Ten Years with Diabetes – Part Three (What I’ve Learned)

I promised to write more about what happened after my diagnosis ten years ago with diabetes. As I mentioned earlier, my life with diabetes feels extremely normal to me. Consequently, I’ve been struggling with what to say about the last ten years post-diagnosis.

The force to break the log-jam came from Diabetes Daily, which is encouraging everyone to write for the newly diagnosed.

So, writing for someone who, like myself ten years ago, was recently diagnosed, here’s what I think it’s important to know:

  • Eventually it won’t be the only thing on your mind. For a couple solid months after my diagnosis, it was all diabetes all the time. Partly because of my treatment plan, my life felt very regimented. I had to eat at a certain time or risk hypoglycemia. I had to exercise at a particular time. I had to take injections at a particular time. I had to eat more-or-less exactly the same amount at each meal. And so on. Frankly, it made me a bit depressed. Now that I’ve switched treatment plans, diabetes feels much less like a constant burden.
  • You’re going to make it. Diabetes isn’t exactly easy, but it becomes habit. You’ll eventually learn what you need to do from day to day, and you’ll have a support system there for the special situations.
  • You deserve an endocrinologist, and you can (usually) shop around for one you like. A good endo will help you get to the lowest possible A1c that you can live with, will understand that diabetes is hard, and won’t judge you if you have readings outside the target range. An endo should help you make sense of the crazy readings and help you reduce their frequency. If your doctor only wants to take your blood and talk about baseball, doesn’t share what’s new in research when you ask, doesn’t want to check your feet, or starts you on an NPH regimen, it’s definitely time to get a different one.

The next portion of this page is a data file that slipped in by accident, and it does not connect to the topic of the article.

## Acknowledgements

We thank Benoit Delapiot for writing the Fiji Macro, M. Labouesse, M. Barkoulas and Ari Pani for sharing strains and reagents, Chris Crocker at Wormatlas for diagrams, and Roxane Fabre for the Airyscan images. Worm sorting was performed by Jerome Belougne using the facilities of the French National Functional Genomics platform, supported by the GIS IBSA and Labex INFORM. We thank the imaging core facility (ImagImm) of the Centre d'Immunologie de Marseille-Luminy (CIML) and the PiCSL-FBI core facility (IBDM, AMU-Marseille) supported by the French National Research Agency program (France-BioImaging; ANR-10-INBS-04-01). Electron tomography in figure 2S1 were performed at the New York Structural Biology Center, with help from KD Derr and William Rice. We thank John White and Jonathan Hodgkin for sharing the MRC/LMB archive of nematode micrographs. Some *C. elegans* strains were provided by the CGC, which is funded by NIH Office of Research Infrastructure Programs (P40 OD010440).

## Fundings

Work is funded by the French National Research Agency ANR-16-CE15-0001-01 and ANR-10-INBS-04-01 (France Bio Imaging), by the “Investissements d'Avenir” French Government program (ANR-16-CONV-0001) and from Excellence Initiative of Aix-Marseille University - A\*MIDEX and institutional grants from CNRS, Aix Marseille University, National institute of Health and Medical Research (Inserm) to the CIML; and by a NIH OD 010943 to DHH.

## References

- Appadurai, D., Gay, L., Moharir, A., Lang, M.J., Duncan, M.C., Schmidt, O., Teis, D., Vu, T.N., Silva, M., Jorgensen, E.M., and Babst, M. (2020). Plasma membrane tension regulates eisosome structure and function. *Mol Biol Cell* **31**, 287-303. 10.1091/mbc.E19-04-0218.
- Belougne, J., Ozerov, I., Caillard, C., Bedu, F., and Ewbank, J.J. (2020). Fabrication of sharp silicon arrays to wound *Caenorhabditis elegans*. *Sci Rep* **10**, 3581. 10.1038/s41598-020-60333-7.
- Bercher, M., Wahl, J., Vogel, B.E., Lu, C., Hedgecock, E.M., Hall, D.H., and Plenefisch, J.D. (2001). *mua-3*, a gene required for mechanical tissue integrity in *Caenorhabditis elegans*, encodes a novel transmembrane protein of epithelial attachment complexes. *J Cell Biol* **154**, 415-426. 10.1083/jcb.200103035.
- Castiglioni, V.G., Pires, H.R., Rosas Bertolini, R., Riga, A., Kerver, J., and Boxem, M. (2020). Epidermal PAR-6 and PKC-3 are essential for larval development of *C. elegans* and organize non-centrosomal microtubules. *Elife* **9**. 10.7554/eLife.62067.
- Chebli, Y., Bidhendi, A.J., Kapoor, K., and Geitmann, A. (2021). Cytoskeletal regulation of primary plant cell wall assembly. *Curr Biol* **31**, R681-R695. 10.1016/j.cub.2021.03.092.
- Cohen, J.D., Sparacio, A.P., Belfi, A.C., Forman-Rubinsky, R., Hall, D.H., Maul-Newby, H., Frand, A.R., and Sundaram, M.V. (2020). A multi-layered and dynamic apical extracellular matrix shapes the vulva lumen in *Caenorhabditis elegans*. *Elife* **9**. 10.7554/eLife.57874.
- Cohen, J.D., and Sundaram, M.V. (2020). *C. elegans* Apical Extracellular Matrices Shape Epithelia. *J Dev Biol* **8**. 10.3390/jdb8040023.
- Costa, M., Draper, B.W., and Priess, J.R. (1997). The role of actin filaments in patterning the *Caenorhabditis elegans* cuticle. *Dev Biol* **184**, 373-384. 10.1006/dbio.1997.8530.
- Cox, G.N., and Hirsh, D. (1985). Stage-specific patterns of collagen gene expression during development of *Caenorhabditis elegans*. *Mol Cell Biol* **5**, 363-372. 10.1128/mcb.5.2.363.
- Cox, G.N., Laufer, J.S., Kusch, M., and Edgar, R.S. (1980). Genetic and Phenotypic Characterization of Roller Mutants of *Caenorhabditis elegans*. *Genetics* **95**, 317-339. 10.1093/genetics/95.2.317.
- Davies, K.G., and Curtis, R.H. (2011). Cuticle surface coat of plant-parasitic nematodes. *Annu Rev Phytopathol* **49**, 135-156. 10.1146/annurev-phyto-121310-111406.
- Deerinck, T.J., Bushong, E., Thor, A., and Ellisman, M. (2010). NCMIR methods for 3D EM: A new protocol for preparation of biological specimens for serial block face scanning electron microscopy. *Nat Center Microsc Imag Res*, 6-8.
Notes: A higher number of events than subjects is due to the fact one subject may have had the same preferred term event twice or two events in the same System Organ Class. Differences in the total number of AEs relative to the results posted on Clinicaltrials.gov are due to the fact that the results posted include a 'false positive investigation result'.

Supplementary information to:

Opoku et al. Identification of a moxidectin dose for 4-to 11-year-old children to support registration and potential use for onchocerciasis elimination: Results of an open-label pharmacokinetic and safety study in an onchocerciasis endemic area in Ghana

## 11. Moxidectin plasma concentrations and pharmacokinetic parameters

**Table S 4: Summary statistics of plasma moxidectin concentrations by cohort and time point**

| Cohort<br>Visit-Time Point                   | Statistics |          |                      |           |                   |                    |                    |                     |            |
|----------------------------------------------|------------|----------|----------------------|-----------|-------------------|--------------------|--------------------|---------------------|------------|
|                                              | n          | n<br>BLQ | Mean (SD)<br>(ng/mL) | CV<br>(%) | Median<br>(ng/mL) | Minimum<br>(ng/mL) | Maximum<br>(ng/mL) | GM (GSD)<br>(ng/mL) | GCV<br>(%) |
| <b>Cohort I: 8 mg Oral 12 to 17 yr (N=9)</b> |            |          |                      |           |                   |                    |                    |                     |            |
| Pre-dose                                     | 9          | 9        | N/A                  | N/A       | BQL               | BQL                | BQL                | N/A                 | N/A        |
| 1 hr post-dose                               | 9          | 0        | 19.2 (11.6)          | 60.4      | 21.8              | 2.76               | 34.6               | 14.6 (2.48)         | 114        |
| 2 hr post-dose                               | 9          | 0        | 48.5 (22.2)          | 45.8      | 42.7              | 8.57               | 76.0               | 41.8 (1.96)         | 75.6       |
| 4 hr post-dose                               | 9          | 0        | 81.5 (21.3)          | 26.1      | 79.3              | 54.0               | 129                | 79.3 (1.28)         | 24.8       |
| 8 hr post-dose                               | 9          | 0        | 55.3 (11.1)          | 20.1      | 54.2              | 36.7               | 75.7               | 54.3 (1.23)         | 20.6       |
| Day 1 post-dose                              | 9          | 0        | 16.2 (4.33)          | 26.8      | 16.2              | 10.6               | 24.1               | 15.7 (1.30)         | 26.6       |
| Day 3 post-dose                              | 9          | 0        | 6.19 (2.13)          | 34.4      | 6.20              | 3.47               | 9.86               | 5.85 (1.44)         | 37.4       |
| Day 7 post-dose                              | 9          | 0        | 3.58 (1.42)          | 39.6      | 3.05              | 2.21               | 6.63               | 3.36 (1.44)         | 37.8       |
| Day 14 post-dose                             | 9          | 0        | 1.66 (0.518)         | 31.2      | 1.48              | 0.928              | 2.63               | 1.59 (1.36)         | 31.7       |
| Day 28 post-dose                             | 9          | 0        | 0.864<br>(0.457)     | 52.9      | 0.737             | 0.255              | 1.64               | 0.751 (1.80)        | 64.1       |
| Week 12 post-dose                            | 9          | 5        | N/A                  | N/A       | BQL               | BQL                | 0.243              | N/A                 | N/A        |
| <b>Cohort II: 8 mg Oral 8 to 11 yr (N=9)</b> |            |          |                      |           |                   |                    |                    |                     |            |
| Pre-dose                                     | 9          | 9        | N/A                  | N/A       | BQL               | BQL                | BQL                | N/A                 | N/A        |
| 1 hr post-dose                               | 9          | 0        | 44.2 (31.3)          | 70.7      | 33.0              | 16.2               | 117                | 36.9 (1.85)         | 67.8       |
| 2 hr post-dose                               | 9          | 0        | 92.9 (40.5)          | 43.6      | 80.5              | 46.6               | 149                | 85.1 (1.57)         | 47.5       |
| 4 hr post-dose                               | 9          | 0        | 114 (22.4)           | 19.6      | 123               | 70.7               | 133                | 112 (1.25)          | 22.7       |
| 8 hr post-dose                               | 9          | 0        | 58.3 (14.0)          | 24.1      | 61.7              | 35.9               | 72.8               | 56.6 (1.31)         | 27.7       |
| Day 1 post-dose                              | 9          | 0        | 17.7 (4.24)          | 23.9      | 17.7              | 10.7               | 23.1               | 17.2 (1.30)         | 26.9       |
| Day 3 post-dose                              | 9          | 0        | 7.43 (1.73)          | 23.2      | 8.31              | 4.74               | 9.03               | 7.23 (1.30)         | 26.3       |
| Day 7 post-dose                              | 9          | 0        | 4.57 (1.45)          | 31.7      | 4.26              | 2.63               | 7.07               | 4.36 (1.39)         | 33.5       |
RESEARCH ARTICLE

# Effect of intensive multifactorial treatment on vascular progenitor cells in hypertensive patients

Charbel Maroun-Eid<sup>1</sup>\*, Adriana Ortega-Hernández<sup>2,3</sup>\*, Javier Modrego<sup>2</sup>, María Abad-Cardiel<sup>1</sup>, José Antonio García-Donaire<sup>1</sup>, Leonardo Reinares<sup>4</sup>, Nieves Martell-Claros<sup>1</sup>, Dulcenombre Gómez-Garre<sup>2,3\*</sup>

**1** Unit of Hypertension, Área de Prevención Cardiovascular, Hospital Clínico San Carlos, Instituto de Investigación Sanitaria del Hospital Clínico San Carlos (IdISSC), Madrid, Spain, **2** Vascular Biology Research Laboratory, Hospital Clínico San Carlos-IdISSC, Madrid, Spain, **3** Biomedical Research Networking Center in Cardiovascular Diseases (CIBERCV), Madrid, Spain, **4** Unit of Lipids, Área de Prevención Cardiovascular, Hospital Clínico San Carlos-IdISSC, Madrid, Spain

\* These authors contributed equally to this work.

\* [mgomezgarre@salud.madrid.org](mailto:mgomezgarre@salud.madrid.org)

• You’ll have a healthcare team: some combination of your primary care physician, nurse educator, nutritionist, endocrinologist, ophthalmologist, exercise physiologist — perhaps more. But you’re the key part. You need to be an active member. If something isn’t working as well as you’d like, tell someone. If you want to try a new or different kind of therapy, ask. Unlike many chronic illnesses, there are a lot of different treatment options for diabetes.
  • Show your doctors all of your numbers, even the bad ones. We all make miscalculations when counting carbohydrates. We have the same time pressures and desires as anyone else, and we order pizzas. (Mmm . . . pizza.) We exercise and travel. Once you get past the idea of doctors as authority figures, it’s much less embarrassing to show them a log book with only 50% of the readings in the target range; and you can get on to fixing your basal rates, boluses, carb estimation, exercise regimen, etc.
  • The certified diabetes educators (CDEs) and nurses are your friends. They’re the ones who have the best advice and the ones with the free meters. My favorite CDE taught me how to shoot insulin and manage my disease those first days in the hospital. And afterward she had all of the right connections, got me interested in an insulin pump, ran the support group, and helped me become an advocate for other people with diabetes. Thanks, Kathy!
  • Don’t take shit from anyone, especially people in the medical community. Most people with any medical training have read the guidelines — a target range of 80-150 mg/dL and an A1c less than 7% — but they don’t live with the disease, so they mistakenly think it’s easy. The questions from health professionals I hate most are “What was your last reading?” and “How’s your control?” If I see you once every six months, one reading out of 1,500 isn’t going to tell you much. And a word like “control” gets conflated with self-control, which I have plenty of; but I also have diabetes, which has a will of its own.